Unity Books bestseller chart for the week ending October 11

The only published and available best-selling indie book chart in New Zealand is the top 10 sales list recorded every week at Unity Books’ stores in High St, Auckland, and Willis St, Wellington.

 

AUCKLAND

1  A Sharp Left Turn by Mike Chunn (Allen & Unwin, $45)

“Oh bugger it! I might as well just pour it all out” – Chunn to radio station The Sound. 

2  The Book of Dust: The Secret Commonwealth by Philip Pullman (Penguin Random House, $35)

Michelle Langstone, on Twitter: “Sometimes I think about the part in the His Dark Materials trilogy when you realise the children are being forcibly cut away from their daemons, and I remember how I cried so hard that I spewed. Good times. After that I didn’t let my cat out of my sight for months.”

3  Rebuilding the Kāinga: Lessons from Te Ao Hurihuri, by Jade Kake (Bridget Williams Books, $15)

“I looked over to the port, to the city, to our mountain Parihaka, and to Manaia. And I thought: “The future is going to be very different, because I’m going to rebuild our kāinga so we can reoccupy our whenua, and together we’re going to change the built environment for the better so that the mauri of our harbour is restored, and our identity as tangata whenua is evident in our city.””

4  The Testaments by Margaret Atwood (Chatto & Windus, $48)

Potentially, quite possibly, a day away from winning the Booker. 

5  The Body: A Guide for Occupants by Bill Bryson (Doubleday, $55)

“The single most astounding thing I found was that if you took all your DNA and formed it into a single fine strand, it would stretch to Pluto. I don’t think I’ve ever come across a fact that blew me away more than that – that there’s enough of me or you or anyone else to stretch to Pluto. There’s 10 billion miles of DNA inside you. That just seems unbelievable.” – the author, interviewed by The Washington Post.

6  The Year of the Monkey by Patti Smith (Bloomsbury, $33)

“At her best, her prose reads like Smith verbally riffing between songs onstage with her guitarist pal Lenny Kaye, burning up nights with rock poetry.” – the New York Times.

7 Before the Coffee Gets Cold by Toshikazu Kawaguchi (Picador, $20)

“Think magical realism set in a Tokyo cafe. But in classic Japanese fashion, the magic is hemmed in by protocol.” – the Japan Times.

8  Talking to Strangers: what we should know about the people we don’t know by Malcolm Gladwell (Allen Lane, $40)

“Gladwell often builds his arguments from other peoples’ sketchy statistical manipulations and the far-fetched results he’s managed to cull from social-science journals. The data, taken uncritically, served to buttress anecdotes that were intended to dramatize some general truth about the human animal. What’s new in Talking to Strangers is that Gladwell doesn’t use these bits of pseudo-science to point to any larger lessons. It seems he’s no longer trying to explain much of anything.” – the Atlantic, in an exquisitely savage review that is well worth reading in full

9  Cockroach by Ian McEwan (Vintage, $20)

“The set up is that a cockroach wakes up in No 10 after a big night, finds it is a hungover and very Boris-like prime minister, and, once it gets used to the unpleasant feeling of having an internal skeleton and a fleshy tongue in its mouth, sets about steering the UK into a popularly acclaimed national disaster. The bug is helped by the intuitive discovery – something to do with the pheromonal cockroach hivemind, I guess – that most of the cabinet are also now secretly cockroaches.” – whaaaaaat TAF, via the Guardian.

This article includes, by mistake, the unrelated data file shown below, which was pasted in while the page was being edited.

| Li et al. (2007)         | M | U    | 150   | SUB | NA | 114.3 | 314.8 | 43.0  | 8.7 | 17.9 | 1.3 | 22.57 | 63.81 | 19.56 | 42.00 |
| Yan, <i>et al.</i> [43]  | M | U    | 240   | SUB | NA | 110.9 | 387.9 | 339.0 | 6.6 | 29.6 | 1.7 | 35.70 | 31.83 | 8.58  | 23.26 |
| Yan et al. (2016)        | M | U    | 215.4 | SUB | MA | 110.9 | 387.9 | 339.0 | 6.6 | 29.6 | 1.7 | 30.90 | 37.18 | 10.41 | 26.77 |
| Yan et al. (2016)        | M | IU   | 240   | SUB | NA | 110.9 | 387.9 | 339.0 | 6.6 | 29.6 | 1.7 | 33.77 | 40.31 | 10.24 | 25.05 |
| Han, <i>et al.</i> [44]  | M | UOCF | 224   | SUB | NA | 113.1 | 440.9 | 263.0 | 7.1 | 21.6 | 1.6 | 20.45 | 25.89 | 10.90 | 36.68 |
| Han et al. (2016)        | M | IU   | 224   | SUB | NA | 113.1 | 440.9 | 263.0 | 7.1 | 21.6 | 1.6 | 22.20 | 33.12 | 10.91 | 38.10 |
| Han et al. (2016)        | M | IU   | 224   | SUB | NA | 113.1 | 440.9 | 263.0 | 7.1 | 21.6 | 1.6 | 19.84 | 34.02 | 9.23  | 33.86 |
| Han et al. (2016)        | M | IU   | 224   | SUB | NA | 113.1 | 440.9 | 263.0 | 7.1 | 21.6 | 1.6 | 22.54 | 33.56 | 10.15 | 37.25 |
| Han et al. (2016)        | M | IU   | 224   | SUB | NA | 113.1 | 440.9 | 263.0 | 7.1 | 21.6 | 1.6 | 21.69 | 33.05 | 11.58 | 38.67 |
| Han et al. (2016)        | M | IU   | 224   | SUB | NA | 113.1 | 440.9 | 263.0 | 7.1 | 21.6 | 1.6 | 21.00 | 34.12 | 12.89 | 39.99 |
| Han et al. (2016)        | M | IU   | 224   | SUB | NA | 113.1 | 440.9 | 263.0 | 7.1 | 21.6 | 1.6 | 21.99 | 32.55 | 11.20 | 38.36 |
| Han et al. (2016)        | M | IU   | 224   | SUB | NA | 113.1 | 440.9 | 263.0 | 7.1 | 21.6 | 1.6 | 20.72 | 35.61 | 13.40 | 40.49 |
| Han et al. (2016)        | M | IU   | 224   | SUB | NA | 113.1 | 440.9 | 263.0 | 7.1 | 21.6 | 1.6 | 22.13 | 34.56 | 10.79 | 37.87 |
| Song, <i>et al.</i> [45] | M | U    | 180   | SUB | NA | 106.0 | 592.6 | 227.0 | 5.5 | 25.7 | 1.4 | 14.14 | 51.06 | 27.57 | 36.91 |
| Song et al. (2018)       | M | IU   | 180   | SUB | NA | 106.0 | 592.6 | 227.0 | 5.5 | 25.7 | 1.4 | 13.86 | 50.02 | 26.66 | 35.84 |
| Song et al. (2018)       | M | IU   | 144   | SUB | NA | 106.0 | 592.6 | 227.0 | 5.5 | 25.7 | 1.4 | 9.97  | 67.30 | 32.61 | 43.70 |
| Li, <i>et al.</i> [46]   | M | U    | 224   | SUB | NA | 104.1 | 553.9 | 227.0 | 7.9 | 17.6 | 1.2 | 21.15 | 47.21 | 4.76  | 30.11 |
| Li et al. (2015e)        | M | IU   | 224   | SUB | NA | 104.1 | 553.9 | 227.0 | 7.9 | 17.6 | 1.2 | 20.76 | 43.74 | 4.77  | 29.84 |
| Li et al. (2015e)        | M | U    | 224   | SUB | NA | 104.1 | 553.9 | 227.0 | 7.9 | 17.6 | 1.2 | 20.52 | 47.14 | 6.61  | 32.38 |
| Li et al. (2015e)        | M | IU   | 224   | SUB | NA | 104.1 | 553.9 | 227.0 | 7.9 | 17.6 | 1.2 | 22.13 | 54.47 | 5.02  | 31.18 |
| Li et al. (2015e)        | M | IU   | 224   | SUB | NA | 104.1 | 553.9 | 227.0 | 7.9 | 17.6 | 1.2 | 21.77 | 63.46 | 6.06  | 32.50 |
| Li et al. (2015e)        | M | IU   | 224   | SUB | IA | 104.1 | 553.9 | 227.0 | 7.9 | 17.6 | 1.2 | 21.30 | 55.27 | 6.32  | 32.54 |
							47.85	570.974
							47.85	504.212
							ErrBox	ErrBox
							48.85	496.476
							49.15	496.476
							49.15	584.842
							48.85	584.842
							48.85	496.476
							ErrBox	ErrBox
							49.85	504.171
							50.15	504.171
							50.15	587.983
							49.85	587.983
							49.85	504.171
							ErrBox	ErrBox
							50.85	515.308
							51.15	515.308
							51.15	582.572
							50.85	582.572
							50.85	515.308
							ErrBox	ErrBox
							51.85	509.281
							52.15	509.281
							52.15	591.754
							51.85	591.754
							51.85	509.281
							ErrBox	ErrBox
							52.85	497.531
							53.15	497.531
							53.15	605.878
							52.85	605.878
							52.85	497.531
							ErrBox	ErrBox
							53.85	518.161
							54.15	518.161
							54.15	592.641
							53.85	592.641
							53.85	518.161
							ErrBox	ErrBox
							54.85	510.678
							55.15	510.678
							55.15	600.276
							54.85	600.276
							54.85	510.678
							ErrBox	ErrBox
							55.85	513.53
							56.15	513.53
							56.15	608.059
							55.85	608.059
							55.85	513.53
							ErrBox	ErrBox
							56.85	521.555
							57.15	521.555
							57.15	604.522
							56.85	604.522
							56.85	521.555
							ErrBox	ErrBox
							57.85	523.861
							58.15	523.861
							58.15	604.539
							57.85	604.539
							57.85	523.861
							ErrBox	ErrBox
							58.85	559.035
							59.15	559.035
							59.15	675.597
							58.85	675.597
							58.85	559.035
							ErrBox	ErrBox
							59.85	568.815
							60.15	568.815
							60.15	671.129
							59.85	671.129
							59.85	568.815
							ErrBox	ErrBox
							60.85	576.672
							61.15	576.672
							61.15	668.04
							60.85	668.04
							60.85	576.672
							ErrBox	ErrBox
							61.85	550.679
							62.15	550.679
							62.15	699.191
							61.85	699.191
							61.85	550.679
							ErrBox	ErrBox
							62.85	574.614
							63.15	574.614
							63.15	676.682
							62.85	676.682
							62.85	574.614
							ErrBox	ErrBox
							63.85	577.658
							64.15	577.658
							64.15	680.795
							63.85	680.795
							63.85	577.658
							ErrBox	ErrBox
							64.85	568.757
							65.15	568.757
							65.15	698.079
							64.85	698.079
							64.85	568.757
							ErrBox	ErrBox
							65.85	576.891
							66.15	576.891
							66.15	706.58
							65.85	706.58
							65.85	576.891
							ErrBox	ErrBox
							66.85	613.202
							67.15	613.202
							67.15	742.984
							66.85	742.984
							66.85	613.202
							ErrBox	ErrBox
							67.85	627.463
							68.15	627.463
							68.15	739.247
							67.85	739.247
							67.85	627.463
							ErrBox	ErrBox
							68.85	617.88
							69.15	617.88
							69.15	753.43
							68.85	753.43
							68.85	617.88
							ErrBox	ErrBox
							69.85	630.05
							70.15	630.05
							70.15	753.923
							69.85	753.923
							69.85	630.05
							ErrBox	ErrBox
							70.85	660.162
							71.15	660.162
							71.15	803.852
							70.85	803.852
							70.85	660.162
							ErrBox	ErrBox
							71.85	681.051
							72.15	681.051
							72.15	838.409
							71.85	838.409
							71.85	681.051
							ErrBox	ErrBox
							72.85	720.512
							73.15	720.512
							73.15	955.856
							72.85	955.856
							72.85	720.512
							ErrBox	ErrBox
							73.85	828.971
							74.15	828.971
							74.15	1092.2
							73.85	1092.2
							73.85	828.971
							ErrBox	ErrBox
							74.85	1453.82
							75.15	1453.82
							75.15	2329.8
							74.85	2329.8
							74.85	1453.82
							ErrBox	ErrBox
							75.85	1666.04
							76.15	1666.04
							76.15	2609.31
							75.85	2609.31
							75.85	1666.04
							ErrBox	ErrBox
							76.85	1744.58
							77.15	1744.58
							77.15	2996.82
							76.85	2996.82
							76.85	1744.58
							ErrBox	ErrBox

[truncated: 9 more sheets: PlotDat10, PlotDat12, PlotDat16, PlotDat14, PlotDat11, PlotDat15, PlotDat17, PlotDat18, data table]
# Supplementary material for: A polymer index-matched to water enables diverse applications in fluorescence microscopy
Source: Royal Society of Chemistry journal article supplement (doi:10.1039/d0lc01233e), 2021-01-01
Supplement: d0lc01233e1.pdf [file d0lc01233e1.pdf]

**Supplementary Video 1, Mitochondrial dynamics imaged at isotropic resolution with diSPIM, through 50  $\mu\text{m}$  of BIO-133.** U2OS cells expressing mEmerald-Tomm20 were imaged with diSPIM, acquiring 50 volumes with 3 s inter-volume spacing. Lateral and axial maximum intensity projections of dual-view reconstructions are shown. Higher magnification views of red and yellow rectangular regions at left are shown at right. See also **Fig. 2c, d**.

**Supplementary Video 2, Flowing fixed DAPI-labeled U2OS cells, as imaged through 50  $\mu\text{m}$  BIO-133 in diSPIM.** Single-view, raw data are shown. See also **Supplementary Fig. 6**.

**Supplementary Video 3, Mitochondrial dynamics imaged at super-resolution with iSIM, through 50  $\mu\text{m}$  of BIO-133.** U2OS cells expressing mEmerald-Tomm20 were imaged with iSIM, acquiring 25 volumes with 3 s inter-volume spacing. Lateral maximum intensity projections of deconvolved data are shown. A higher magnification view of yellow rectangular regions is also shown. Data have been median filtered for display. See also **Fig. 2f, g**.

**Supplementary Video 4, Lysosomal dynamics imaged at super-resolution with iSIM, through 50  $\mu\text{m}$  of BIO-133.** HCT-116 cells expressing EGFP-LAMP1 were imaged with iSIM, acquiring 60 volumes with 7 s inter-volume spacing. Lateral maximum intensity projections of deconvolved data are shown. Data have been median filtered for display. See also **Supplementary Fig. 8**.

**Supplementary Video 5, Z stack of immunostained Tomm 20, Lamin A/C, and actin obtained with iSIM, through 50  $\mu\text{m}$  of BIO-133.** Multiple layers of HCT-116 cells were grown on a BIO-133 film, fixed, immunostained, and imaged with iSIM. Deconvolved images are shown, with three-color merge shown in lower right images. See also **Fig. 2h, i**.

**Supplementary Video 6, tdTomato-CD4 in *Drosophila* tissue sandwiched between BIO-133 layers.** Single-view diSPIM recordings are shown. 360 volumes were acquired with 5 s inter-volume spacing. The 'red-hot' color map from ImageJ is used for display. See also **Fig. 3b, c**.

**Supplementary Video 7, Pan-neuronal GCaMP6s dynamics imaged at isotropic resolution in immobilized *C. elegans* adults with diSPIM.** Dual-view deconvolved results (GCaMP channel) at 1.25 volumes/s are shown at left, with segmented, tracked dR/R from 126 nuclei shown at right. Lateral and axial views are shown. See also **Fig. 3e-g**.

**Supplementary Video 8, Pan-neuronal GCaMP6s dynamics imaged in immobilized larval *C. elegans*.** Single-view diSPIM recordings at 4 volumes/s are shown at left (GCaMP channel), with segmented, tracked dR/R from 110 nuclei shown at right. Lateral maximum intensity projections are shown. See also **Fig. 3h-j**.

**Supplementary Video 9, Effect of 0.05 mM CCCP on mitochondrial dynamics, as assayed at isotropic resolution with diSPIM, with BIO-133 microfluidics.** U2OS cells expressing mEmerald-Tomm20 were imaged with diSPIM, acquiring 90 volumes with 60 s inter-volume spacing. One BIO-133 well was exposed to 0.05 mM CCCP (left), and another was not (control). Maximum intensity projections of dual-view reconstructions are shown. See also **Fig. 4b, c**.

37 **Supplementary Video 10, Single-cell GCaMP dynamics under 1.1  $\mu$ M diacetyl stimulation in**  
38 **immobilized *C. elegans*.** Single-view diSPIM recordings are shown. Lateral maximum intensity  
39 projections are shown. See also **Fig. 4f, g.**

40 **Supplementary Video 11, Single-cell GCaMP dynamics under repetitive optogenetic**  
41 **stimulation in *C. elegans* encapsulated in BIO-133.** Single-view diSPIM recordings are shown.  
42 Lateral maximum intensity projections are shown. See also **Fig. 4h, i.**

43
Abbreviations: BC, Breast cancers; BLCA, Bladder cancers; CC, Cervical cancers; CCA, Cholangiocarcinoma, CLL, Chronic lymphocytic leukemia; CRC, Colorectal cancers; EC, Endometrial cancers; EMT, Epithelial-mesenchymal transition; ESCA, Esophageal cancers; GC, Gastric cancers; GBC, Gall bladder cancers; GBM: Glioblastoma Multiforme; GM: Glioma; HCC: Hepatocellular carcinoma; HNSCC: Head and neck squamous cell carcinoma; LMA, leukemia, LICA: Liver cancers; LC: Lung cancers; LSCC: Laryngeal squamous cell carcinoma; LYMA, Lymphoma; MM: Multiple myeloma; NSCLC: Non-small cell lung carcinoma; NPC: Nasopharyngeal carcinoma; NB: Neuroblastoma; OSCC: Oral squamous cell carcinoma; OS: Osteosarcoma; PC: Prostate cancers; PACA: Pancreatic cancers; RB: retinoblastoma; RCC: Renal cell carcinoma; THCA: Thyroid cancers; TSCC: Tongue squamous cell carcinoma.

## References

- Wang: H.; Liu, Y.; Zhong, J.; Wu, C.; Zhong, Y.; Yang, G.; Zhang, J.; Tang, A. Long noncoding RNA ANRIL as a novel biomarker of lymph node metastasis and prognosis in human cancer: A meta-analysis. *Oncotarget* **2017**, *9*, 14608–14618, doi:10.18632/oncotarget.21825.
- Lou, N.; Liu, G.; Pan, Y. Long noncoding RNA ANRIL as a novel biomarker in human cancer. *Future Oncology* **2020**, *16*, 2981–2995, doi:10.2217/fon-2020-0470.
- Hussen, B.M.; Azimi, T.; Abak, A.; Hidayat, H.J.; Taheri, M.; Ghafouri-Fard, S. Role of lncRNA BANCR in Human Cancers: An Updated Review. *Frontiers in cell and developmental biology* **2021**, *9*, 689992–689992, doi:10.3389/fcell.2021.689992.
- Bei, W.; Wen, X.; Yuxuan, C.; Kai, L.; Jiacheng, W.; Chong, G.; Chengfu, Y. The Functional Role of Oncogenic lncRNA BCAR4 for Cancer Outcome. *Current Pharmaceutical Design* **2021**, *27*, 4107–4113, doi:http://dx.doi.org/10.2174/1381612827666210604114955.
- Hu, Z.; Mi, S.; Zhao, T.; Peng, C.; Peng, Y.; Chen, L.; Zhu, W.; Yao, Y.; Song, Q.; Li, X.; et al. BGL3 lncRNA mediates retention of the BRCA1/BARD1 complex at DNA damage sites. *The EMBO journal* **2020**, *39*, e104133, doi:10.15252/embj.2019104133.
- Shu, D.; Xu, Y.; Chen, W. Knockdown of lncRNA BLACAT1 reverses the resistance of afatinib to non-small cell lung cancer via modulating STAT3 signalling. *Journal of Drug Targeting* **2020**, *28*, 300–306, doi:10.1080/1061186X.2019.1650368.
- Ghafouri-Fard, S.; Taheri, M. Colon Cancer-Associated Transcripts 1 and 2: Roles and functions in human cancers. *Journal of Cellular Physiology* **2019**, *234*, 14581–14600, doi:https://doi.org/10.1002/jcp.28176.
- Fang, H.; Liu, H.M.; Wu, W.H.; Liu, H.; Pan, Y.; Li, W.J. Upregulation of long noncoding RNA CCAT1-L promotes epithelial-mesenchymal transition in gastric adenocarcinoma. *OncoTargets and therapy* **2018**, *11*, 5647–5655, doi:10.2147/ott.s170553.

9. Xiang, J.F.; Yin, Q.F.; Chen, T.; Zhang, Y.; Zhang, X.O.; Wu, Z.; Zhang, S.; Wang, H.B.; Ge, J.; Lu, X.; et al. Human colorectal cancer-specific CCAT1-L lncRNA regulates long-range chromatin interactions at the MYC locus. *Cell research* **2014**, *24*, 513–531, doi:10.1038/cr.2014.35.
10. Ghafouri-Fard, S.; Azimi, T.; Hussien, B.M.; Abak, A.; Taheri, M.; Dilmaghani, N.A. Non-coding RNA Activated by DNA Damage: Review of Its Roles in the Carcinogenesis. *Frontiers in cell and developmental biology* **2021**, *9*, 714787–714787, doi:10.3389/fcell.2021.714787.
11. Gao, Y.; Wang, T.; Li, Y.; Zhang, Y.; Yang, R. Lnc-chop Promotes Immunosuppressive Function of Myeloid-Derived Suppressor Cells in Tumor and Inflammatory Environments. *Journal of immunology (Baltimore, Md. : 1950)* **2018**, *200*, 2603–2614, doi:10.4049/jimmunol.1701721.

10  Lifespan: Why We Age and Why We Don’t Have To by David Sinclair (HarperCollins, $35)

I read that as a quite terrifying title?

 

WELLINGTON

1  We Are Here: An Atlas of Aotearoa by Chris McDowall & Tim Denee (Massey University Press, $70)

Data as poetry, as art, as cartography. A revelation. Buy it for everyone for Christmas.

2  The Book of Dust: The Secret Commonwealth by Philip Pullman (Penguin Random House, $35)

3  The Testaments by Margaret Atwood (Chatto & Windus, $48)

4  The Year of the Monkey by Patti Smith (Bloomsbury, $33)

5  The Body: A Guide for Occupants by Bill Bryson (Doubleday, $55)

6  The Dutch House by Ann Patchett (Bloomsbury, $33)

“The book was going to be called Maeve, and because I own a bookstore, I really did understand that The Dutch House was a much better title. The words Dutch and house have the same number of letters; I knew it would look really good. To me, the house is just symbolic of the life. It’s a book about wealth and poverty, and the sort of whiplash of going back and forth between those two states.” – the author, to Time.

7  The Absolute Book by Elizabeth Knox (Victoria University Press, $35)

“Much of the forest was now only a mass of crisscrossing heaps of live coals. Some oaks still stood, shorn of all but their thickest limbs. Others leaned like fallen warriors on their branch arms, as if trying to get up again … There was nowhere to stand in all those seething, smoking miles. The riverbed stank of scorched waterweed.”

8  The Anarchy: the relentless rise of the East India Company by William Dalrymple (Bloomsbury, $33)

“A resonant denunciation of corporate rapacity and the governments that enable it.” – the Guardian.

9  No One Is Too Small To Make A Difference by Greta Thunberg (Penguin, $8)

A very happy young girl looking forward to a bright and wonderful future.

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10 Three Women by Lisa Taddeo (Bloomsbury, $35)

“And that’s when it happens, the most romantic kiss in the history of the world. He moves his palm to her cheek, slowly and unsurely, like the boy that he still is even though he’s more of a man than anyone else she knows, and she gets hot across her whole face …

Aidan, she breathes into his mouth.

What’s up, Kid.”


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